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Butcher hits his stride with Asheville-based murder mystery

Ken Butcher's third novel, 'As the Crow Dies,' will be released Tuesday. It's available at and Barnes & Noble's website and at local bookshops. Ken Butcher's third novel, 'As the Crow Dies,' will be released Tuesday. It's available at and Barnes & Noble's website and at local bookshops.

Ken Butcher has been head of research at Selee Corp., Henderson County School Board member and “day laborer” at Kilwin’s, his wife’s ice cream shop.

After all that, he’s reached an impressive pinnacle with As the Crow Dies, a detective novel based in Asheville involving a highly intelligent trained crow, a mysterious science company tied to the search for Osama bin Laden and an unlikely crime-solving partnership made up of a veteran police lieutenant coming off a career-threatening injury and an Army veteran who moonlights as a roller derby star.
As the story opens Ira Segal and Sgt. Dinah “Dinosaur” Rudisill have just caught a murder case involving a body found on the banks of the French Broad River behind 12 Bones barbecue restaurant. From there the detectives ricochet from the victim’s employer, Creatures 2.0, to the Grove Arcade, the Grove Park Inn, the River Arts District and the Blue Ridge Parkway in a race against time and the considerable skills of a team of highly trained villains.
Butcher first became a published author in 2009, with In the Middle of the Air, followed by a sequel, The Dream of St. Ursula. None of those had the character development, plot twists and page-turning climax of this detective novel. A lifelong avid reader, Butcher, 68, improved his technique with research.
“I read a book called Story Grid, a very systematic way of making sure you touch all the right bases for a particular kind of genre,” he said. “That was very constructive for me.”
Starring the terroirs, architecture and quirkiness of Asheville as much as the characters themselves, As the Crow Dies will be a delight to local readers. The book’s release date is Tuesday, June 2.
Residents of Hendersonville since 1998, Ken and his wife, Jen, have three sons and five grandchildren.
Here’s our interview with the author:

How did you go from ceramics engineer to School Board member to ice cream shop proprietor to detective novelist?

I guess the way to answer that is I’ve always been an avid reader and I’ve always had in the back of my mind that I’d like to try to write something. You’re right I was in charge of research at Selee and did some engineering on my own. I still do a little bit, projects for various companies. As far as the ice cream shop, I was really the day labor there. That was really Jen’s creation. It was really fun to do that. A few years ago I started writing and this is my third book — The Middle of the Air (2009), The Dream of St. Ursula and now As the Crow Dies.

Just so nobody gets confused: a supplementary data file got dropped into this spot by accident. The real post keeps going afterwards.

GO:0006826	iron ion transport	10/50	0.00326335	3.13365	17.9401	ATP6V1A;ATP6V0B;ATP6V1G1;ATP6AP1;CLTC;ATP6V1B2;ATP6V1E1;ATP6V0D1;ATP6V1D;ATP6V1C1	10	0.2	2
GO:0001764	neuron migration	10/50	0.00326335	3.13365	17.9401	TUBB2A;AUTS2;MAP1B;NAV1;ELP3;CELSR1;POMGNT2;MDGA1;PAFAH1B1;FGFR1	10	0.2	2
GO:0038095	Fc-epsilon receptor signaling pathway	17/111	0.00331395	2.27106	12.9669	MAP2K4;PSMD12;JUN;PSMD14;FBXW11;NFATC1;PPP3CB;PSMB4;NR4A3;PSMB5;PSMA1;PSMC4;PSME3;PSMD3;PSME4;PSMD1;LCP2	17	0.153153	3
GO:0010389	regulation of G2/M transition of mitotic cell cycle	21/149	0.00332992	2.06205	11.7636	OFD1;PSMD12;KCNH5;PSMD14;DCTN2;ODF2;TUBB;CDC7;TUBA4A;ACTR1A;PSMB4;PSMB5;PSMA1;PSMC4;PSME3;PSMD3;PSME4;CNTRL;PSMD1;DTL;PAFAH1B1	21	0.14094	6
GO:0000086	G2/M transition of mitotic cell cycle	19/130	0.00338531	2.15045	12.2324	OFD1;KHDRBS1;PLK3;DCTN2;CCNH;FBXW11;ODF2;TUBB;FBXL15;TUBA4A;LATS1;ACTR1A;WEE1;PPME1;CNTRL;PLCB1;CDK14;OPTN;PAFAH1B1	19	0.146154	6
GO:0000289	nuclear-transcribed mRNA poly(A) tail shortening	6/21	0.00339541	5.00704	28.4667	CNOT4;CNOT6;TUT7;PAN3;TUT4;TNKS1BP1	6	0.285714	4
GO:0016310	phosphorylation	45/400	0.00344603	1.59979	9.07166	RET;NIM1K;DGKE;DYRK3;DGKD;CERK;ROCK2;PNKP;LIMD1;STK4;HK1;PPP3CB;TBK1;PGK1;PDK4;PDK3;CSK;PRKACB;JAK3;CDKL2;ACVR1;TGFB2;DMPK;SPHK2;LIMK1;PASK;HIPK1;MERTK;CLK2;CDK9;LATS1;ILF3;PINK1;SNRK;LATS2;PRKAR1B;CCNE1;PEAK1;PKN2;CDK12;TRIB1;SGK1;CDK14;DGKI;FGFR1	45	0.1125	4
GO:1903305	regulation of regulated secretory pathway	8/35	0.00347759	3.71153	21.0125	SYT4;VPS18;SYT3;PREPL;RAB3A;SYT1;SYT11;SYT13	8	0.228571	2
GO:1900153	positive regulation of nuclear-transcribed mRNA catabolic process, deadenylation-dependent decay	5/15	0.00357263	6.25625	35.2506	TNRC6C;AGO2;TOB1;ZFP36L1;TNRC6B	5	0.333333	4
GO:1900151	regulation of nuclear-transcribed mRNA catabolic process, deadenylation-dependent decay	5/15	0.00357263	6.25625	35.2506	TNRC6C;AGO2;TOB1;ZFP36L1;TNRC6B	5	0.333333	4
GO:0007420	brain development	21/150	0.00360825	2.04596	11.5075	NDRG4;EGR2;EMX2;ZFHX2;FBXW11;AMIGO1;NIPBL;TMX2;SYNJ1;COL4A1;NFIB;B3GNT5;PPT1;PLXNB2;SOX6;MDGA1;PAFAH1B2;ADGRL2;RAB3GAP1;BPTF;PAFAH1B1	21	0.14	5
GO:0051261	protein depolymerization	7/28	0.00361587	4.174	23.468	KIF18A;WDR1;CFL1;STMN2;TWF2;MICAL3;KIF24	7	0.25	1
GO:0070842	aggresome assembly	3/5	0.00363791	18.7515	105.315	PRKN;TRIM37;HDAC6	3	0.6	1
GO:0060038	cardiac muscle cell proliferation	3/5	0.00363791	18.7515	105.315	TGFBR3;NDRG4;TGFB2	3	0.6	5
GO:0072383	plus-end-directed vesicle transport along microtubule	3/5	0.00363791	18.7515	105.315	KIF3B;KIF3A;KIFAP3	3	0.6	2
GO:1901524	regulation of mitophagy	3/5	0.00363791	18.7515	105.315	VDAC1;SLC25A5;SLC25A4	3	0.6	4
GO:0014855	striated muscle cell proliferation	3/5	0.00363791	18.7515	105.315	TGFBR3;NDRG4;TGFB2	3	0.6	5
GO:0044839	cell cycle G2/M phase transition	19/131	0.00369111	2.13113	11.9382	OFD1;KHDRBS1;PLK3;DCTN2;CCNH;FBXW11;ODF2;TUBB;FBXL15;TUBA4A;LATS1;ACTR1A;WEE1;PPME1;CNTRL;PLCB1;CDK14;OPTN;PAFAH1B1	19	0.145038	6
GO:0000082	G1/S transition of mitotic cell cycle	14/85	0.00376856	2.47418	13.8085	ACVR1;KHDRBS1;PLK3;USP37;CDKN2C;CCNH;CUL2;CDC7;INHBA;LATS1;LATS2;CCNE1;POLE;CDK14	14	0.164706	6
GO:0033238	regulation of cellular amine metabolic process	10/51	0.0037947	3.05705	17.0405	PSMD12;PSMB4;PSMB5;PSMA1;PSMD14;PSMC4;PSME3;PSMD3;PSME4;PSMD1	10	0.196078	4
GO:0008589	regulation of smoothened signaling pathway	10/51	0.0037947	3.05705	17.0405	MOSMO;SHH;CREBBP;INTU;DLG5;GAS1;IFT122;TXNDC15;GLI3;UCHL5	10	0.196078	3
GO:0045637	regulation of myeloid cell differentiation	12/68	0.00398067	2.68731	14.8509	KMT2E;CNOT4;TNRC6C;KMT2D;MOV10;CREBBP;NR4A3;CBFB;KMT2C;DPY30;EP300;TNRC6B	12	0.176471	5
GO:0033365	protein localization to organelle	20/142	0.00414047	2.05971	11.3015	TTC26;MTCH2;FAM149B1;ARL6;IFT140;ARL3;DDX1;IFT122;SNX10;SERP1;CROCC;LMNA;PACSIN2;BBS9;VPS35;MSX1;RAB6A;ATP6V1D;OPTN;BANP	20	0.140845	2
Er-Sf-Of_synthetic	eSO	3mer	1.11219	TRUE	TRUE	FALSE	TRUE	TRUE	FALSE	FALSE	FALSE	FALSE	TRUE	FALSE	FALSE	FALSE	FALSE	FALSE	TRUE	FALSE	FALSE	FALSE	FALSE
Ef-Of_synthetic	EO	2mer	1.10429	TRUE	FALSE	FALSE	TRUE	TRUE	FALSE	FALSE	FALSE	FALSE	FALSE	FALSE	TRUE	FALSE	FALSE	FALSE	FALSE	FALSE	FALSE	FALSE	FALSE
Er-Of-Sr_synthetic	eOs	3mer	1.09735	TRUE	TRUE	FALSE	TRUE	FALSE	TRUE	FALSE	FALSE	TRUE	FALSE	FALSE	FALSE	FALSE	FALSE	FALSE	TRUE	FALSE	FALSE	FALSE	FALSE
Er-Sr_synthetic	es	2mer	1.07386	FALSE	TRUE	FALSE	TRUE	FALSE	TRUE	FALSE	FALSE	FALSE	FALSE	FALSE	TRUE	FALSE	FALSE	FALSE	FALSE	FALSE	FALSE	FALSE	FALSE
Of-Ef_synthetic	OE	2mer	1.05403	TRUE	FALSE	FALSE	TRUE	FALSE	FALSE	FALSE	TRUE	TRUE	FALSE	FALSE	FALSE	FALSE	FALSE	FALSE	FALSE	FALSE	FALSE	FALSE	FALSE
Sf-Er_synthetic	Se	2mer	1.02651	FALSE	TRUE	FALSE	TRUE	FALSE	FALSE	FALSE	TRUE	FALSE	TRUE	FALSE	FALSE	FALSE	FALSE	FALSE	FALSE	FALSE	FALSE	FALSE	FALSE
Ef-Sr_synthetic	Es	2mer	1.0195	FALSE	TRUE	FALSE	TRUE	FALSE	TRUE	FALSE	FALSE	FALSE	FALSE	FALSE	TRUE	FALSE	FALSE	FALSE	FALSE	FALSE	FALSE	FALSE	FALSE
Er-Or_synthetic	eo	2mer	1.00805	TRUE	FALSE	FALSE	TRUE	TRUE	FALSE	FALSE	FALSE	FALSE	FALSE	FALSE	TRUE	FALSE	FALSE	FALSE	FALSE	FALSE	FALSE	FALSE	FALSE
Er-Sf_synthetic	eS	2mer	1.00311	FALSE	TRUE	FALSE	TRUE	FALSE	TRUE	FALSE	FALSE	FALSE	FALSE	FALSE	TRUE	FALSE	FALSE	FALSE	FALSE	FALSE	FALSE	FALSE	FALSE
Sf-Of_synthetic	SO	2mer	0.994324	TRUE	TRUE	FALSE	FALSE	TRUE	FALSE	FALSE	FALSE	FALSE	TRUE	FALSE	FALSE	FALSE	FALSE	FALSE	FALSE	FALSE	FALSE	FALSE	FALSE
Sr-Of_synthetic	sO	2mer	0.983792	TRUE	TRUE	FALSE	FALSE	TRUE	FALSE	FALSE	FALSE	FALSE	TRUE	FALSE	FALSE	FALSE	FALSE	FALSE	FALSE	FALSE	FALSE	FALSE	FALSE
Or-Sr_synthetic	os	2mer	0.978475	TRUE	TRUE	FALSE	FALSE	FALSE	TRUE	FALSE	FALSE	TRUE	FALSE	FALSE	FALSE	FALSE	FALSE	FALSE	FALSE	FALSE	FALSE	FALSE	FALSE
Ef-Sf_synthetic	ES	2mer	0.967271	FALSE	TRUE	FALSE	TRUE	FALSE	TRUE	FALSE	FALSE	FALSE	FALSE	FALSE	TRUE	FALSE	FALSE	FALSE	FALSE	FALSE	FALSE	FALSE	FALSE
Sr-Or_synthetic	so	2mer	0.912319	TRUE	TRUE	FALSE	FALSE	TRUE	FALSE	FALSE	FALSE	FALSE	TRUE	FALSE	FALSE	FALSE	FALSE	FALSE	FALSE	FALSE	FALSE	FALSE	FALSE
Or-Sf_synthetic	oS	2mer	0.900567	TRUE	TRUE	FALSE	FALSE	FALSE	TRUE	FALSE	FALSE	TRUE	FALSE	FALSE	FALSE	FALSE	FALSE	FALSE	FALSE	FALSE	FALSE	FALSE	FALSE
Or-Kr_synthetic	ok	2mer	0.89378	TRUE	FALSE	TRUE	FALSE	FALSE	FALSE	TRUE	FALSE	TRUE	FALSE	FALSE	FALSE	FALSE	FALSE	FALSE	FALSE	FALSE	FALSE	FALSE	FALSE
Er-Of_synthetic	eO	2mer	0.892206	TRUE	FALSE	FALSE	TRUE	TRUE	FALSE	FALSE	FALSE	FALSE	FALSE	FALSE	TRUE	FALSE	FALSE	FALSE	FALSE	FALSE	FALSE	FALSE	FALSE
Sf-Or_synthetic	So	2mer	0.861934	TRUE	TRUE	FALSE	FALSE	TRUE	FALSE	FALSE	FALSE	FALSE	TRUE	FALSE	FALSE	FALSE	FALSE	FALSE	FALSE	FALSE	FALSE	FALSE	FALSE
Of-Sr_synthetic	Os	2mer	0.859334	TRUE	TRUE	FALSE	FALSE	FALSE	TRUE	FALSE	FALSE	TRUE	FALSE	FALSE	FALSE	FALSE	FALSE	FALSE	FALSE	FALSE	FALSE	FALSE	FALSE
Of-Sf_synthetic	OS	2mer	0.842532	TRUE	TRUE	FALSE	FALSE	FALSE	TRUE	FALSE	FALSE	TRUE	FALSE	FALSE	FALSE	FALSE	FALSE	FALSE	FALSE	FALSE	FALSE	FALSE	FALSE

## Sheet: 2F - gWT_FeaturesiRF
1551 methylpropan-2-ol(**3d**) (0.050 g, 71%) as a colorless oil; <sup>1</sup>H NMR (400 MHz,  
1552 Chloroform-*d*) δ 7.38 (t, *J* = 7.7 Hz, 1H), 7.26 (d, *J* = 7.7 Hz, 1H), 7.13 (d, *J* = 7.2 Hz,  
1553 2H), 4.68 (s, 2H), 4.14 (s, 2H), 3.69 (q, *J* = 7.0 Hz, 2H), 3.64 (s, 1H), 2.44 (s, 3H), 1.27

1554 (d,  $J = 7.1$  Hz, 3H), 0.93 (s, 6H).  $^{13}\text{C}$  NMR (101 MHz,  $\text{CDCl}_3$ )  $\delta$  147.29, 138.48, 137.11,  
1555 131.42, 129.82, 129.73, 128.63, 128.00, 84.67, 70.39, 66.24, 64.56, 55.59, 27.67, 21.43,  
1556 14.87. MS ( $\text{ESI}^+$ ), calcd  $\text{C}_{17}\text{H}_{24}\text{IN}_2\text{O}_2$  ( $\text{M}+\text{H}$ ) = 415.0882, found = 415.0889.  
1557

Did you always read crime fiction?

Probably like most readers I’ve gone through phases. I remember as a kid, my father was really into science fiction so I was really into science fiction. He did a great job of finding the best stuff and giving it to me to read. I’ve always gone back to mysteries. I read history and biography and political science. You can always go back to mysteries as just a good story structure and a compelling kind of read.

Would you go through all the Elmore Leonard or John D. MacDonald and read them all?

For years I would just look for the latest Elmore Leonard book to come out. He was a hero of mine. Tony Hillerman I really like. They’re set in the southwest and he has Indian reservation policeman. It involves a lot of the landscape and the customs of the Indians. Tony Hillerman died two years ago and his daughter Anne kept on the series, which really excited me. OK, I got my old friends back. She ended up doing a blurb for the front cover of the book. She liked the fact that it incorporated humor. One of the things I took from Tony Hillerman and now Anne Hillerman is I really like involving the setting deeply in the plot. I like reading about the various places, not just the terrain but the people and their culture. I try to do that, too.

That segues into my next question. Why did you base the novel in Asheville?

I really like Asheville. I’ve had so much fun up there. I think it’s interesting historically. I think it’s an interesting place. My son lives up there so I end up getting up there quite a bit to visit him and my little granddaughter. I think it’s got a really cool vibe to it and it’s getting to where people really know it. It’s a got a reputation as being a progressive, artistic kind of place.